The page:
Did your teen overhear you discussing goals for the year? Encourage him to also adopt some new year's resolutions. The key is proposing age-appropriate and realistic changes. Mention a few of these to your teen, and see what sticks!
Stay Unplugged After Bedtime
When it's time hit the sheets, leave the cell phone on a charger away from the bed. This eliminates late night texting or social media browsing, which can keep kids up way too late, making them groggy and less productive at school the next day. Once your teen realizes how nice it is to get restful sleep, this resolution will be pretty easy to adopt!
Help Siblings More Often
Explain to your teen that if she could give her little brother or sister a ride to sports practice or school once a week, that would really help you out. This resolution helps instill a feeling of importance and responsibility. Plus, it makes your day a little lighter!
Photo Source: Pexels / Roman Pohorecki
No More Texting and Driving
There's no debate about it, using a cellphone while driving is dangerous. Have your teen will agree to a no-texting rule when behind the wheel. Remind him that sending messages before stepping into the car and after he had parked is just fine.
Write Thank You Notes
We rarely take time to really let people know how we feel. Offer to buy your teen a box of 12 thank-you note cards and explain he can send out one each month. He can show gratitude to teachers, neighbors, friends, mentors, or family.
Photo Source: Pexels / Unsplash
Learn a New Hobby
Whether they decide to join a neighborhood group of kids who play basketball every Saturday morning, dig out your old film photography gear, or discover a love for baking treats from scratch, encourage your teen to try something new. This hobby could pave the way for a career choice!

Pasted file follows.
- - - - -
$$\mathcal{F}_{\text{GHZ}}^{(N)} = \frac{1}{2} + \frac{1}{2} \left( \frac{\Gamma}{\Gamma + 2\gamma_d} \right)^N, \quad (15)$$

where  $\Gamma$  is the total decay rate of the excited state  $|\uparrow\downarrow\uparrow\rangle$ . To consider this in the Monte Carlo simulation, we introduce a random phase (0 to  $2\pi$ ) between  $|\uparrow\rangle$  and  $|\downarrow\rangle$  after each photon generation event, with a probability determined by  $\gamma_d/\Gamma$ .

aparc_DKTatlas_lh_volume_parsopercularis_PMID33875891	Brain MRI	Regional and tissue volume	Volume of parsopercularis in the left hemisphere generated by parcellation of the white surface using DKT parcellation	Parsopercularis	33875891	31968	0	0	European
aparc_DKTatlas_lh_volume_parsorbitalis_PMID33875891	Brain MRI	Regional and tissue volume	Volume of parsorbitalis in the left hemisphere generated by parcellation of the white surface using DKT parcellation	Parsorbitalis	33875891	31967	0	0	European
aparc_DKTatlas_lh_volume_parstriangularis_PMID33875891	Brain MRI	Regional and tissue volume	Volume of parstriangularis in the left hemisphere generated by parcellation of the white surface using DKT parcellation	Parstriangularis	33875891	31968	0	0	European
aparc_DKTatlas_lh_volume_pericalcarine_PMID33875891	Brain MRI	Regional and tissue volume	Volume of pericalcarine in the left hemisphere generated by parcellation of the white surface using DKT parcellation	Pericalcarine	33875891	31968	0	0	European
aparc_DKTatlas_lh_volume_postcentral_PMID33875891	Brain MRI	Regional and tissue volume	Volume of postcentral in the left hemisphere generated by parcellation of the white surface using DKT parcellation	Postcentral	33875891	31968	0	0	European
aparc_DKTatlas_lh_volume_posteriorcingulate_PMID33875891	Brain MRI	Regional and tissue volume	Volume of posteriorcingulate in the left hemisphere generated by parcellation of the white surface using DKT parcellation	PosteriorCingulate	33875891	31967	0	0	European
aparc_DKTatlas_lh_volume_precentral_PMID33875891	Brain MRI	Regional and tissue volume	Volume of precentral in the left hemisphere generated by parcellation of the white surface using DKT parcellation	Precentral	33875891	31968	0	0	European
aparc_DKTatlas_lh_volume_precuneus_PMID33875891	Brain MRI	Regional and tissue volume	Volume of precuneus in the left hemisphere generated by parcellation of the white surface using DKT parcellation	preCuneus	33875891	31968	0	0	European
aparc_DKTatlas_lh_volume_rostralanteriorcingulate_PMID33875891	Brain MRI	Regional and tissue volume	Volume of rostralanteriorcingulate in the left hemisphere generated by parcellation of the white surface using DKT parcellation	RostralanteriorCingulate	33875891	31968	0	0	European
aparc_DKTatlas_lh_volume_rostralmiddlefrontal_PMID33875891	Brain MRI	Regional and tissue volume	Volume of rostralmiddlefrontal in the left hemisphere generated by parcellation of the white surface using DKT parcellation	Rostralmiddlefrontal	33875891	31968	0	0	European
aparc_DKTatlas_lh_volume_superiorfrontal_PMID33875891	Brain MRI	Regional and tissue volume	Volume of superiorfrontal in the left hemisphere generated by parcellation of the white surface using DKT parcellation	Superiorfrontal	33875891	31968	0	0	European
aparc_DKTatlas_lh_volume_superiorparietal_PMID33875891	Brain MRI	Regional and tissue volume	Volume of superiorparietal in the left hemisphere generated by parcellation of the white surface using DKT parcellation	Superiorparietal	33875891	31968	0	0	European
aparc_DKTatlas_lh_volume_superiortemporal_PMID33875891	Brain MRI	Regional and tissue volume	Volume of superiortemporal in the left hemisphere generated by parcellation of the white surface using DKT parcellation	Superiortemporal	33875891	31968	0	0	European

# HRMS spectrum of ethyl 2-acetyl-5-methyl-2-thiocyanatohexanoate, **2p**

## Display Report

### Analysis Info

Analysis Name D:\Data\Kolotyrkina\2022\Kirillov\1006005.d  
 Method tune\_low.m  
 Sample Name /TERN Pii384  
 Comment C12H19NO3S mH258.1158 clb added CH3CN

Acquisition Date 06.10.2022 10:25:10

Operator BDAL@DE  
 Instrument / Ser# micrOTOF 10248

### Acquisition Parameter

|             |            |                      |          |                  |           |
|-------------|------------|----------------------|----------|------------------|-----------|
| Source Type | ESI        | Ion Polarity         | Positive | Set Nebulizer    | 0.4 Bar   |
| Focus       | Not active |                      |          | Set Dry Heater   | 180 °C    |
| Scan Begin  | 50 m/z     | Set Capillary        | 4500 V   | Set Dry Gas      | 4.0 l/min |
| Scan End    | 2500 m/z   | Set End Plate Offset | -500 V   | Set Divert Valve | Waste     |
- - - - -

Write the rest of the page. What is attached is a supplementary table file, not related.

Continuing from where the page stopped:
Reach Out to Elderly Relatives
The high school years are busy with extracurricular activities, homework, and future planning. Help your teen realize it's a good idea to also make an extra effort to spend time with their grandparents, great aunts and uncles, and other elderly relatives. Offering them a ride to school events or visiting with them one evening a week will brighten their days.
Try Volunteer Work
Look to your local animal shelter, after-school tutoring programs, the church, or community center for opportunities to volunteer. Helping with an annual fundraiser or committing to weekly reading sessions with an elementary student will make your teen feel good about giving back.
When you talk with your teen about making new year's resolutions, remind them it's their choice. They should choose something that makes them feel proud and happy. And as always, if their resolution isn't the right fit, they can try something else!
Featured Photo Source: Pexels / Unsplash